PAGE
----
Saturday, May 31, 2003

Pro-lifers win in the PCUSA

Pro-lifers in the Presbyterian Church-USA managed to win a victory... they got their church to express concern for the victims of late-term abortions. Unfortunately, they failed to get their church to actually oppose the procedure: the PCUSA continues to support abortion rights across the board, including partial-birth abortions.

Read more about it here.
Homeschoolers do well again in Bees

This CNS story is about homeschoolers today, especially in the national spelling and geography bees. Homeschoolers took first in the geography bee and second in the spelling bee.

It's a pretty good story... check it out.
I'm really getting annoyed

See the posts below on C-FAM? There are two posts because blogger gave me an "http request" error when I tried to post the whole thing at once... again.

For goodness sake, it's only a page and a half post in a Word document! I once saw something about blogger not being able to handle posts bigger than 100k... looks like that number is considerably lower, now.

I use blogger and blogspot, well, because it's free and easy. If anyone knows of a handy alternative, please let me know.
C-FAM attracts attention

The Catholic Family & Human Rights Institute is an international organization watchdog, observing the UN, UNPFA, WHO, and similar organizations to make sure that these groups maintain proper respect for human dignity, especially concerning the unborn. They have been very successful in raising the awareness level of a variety of people, including politicians, regarding the actions these groups occasionally take.

Now, some bureaucrats in the EU are taking action. You can read all about in the most recent Friday Fax:
    EU opens office to counter US pro-life groups, including C-FAM

    The European Union has established a special office of the European Commission to combat US pro-life groups --- including the Catholic Family and Human Rights Institute and the International Organizations Research Group --- which EU officials believe have become too influential within the European Parliament.

    In an internal memo obtained by the Friday Fax, Poul Nielson, European Commissioner for Overseas Development and Humanitarian Aid, deplored the efforts of this "small group of extremists." Nielson continued, "The US anti-choice groups are powerful, well-funded and determined. They hold extreme views on religion and sexuality.Several of the US groups (Catholic Family and Human Rights Institute, International Organizations Research Group, Population Research Institute) have opened branches or have affiliates in Europe." [International Organizations Research Group is the research arm of C-FAM.]

    The European Union will now monitor and respond to these groups. According to Nielson, "Within the Commission, we need to be aware and alert for new campaigns to undermine the work of the EC [European Commission] and its partners in addressing reproductive health and we need to respond swiftly. A focal point to gather information and to coordinate a coherent rebuttal.has been established." There was no immediate information on the location of this "focal point," or how much EU money would be spent on the project.

C-FAM cont’d

    Nielson justifies this seemingly unprecedented move to spend public funds to counter lawful political advocacy by citing the success of these groups. For instance, Nielson believes that "the shift in US policy," specifically the US decision to defund the UN Population Fund (UNFPA) because of its support for coercive abortion in China, is the result of "effective lobbying" by these "anti-choice groups" who, "under the present US administration," have gained "legitimacy and credibility."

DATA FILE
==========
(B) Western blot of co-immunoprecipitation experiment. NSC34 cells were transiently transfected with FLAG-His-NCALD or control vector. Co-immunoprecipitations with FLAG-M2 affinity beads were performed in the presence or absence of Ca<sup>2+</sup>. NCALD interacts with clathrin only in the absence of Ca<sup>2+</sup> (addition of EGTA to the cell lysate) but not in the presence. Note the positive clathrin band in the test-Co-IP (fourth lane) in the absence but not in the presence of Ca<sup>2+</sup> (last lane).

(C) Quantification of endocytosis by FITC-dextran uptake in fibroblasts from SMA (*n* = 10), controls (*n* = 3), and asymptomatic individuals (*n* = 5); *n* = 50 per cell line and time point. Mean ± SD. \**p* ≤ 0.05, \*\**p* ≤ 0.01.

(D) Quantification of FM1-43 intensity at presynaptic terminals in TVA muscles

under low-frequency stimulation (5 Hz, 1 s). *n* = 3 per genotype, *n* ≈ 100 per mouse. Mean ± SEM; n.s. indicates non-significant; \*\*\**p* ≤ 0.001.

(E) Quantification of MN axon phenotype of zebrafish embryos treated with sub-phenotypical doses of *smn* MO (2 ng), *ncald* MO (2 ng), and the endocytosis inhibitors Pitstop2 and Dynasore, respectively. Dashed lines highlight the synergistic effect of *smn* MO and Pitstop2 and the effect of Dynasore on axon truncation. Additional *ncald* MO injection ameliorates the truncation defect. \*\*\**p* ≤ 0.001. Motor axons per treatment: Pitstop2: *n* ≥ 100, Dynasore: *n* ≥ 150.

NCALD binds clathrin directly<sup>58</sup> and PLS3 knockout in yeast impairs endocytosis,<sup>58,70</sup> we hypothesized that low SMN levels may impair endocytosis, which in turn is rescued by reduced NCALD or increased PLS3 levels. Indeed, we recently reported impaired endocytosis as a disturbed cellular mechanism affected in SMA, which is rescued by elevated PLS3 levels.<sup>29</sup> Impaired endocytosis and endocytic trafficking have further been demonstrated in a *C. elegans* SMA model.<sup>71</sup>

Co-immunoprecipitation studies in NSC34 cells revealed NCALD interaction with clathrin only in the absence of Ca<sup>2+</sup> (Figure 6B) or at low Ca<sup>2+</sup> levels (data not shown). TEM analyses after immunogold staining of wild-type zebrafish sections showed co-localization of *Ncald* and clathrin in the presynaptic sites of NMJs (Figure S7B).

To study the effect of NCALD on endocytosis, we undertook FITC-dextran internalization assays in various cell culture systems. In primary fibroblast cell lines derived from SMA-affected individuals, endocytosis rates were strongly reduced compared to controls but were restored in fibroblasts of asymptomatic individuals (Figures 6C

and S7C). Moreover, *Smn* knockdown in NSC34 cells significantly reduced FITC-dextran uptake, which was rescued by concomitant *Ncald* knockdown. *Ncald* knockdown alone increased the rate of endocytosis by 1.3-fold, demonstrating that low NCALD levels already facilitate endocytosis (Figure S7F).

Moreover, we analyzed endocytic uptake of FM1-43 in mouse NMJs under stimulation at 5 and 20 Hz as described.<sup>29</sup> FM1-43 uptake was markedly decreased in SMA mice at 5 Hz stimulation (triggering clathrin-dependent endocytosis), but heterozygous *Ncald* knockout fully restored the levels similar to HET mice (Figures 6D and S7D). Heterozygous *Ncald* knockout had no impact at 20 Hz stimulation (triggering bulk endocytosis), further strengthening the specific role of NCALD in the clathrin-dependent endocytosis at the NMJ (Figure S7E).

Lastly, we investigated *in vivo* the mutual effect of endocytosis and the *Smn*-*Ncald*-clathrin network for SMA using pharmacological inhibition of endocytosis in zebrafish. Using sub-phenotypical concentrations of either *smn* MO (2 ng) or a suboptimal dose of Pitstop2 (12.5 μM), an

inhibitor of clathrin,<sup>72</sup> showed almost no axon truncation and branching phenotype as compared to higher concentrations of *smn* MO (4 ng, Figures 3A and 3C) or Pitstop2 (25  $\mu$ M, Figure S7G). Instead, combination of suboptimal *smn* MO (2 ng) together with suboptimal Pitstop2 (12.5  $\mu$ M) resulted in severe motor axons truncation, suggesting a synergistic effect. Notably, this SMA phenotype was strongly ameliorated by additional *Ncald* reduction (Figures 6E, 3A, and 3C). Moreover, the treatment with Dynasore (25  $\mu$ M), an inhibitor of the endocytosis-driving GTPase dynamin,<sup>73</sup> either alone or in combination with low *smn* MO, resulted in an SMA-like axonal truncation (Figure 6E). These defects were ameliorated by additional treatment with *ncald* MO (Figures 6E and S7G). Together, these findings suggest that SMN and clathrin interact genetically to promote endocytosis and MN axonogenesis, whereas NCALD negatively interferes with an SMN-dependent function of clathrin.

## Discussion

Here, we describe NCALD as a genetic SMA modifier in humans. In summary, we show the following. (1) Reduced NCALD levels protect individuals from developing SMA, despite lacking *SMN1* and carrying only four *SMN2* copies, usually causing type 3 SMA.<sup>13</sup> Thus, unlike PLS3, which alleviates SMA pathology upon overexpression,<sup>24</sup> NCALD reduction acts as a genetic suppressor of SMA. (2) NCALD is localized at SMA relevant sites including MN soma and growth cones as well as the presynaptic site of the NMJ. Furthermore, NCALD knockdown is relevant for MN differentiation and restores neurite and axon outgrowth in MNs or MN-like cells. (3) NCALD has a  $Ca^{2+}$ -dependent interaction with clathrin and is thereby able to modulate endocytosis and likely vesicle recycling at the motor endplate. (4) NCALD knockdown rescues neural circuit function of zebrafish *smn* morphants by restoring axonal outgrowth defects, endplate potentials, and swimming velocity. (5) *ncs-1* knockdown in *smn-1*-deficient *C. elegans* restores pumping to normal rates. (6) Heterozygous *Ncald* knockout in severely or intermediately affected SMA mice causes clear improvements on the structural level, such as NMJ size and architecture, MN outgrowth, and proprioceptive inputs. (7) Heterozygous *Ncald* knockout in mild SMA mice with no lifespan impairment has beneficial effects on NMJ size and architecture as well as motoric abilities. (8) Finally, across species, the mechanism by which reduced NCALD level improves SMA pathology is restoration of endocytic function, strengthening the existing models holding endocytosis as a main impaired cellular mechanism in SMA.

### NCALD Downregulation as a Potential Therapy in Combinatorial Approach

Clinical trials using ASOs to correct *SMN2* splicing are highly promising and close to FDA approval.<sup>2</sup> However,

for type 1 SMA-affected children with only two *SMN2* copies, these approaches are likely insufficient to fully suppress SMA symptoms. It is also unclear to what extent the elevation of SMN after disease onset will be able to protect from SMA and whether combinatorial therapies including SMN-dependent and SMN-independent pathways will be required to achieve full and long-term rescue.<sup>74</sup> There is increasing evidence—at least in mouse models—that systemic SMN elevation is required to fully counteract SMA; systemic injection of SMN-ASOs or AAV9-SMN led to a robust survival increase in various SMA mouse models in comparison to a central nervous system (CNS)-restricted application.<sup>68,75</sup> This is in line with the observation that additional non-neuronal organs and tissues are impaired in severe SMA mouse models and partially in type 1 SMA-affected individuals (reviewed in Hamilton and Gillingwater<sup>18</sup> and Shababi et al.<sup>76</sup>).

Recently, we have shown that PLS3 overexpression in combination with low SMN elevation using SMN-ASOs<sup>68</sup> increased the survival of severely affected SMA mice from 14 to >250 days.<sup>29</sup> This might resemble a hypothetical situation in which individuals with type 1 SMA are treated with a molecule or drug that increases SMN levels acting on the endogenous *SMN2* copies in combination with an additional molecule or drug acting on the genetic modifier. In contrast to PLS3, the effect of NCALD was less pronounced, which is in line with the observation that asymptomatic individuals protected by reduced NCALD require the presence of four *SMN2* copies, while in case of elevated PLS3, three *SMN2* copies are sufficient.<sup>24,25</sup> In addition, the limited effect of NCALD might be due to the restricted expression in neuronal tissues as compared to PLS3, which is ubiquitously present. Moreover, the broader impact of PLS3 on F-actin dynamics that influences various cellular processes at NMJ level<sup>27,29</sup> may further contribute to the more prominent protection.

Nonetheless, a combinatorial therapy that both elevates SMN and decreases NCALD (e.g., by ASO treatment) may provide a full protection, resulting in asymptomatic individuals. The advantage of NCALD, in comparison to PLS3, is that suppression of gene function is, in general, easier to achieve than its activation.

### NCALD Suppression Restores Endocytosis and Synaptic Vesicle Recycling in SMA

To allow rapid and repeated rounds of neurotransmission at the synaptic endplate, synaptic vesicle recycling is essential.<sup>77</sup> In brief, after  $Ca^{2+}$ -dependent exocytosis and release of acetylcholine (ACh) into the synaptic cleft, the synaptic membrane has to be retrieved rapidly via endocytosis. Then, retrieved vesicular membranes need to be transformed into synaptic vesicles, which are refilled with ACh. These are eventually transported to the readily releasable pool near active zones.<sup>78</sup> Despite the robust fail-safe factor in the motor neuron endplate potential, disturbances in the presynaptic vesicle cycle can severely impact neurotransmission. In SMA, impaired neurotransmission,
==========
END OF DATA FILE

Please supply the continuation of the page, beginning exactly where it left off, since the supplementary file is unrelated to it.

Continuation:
Now, Nielson worries that the groups have struck a chord with EU politicians. In the memo, Nielson describes a growing European movement against UNFPA, said, "The stealth and speed at which this campaign was mobilized was remarkable." Nielson also worries that the groups may be convincing MEPs to interfere with the expansion of European support for abortion in the developing world, saying, "Several amendments.sought to ban abortion and sterilization from being included in the regulation [on reproductive health]. This time the amendments to ban abortion were rejected but 181 MEPs voted to accept them."

    According to Peter Smith, a lobbyist for the London-based Society for the Protection of Unborn Children (SPUC), the EU initiative is in direct response to a C-FAM/IORG White Paper on UNFPA, which was presented by C-FAM Vice-President Douglas A. Sylva to the European Parliament in January. "I have taken quite a few of my American colleagues to Parliament," he says, "But this trip was most memorable. The White Paper on UNFPA has stirred up a hornets nest in the European Commission."

    In a press release, Irish MEP Dana Scallon called Nielson's actions "an insult to democracy" and an example of "Big Brother." Nielson is one of 19 unelected European Commissioners who make crucial EU funding decisions.
Scientism & Materialism

Although they may be on the way out, the ideologies of scientism (which posits that all real knowledge comes only from natural sciences) and materialism (which posits that only the material exists) still retain some degree of influence in Western culture. This influence is found in Daniel Dennett's recent book, Freedom Evolves. I picked up this book the other day at Barnes & Noble, and have requested it via interlibrary loan, so that I can give it a more in-depth treatment.

In the meantime, though, I do recall a couple of things. Literally within the first two pages, Dennett repeatedly asserts (as opposed to argues) that the immaterial soul has been disproven by modern physics, or that it is incompatible with the findings of modern physics.

Such an assertion is patently ridiculous... physics by definition is concerned with material reality, while the soul is immaterial per se. There is simply no way for physics to offer any opinion viz. the soul, because its "tools" deal with another realm of reality. A similar assertion might be something like this: modern psychology demonstrates that 2+2=3. Not only is the assertion wrong, but it is incomprehensible, in that psychology has no bearing on mathematics.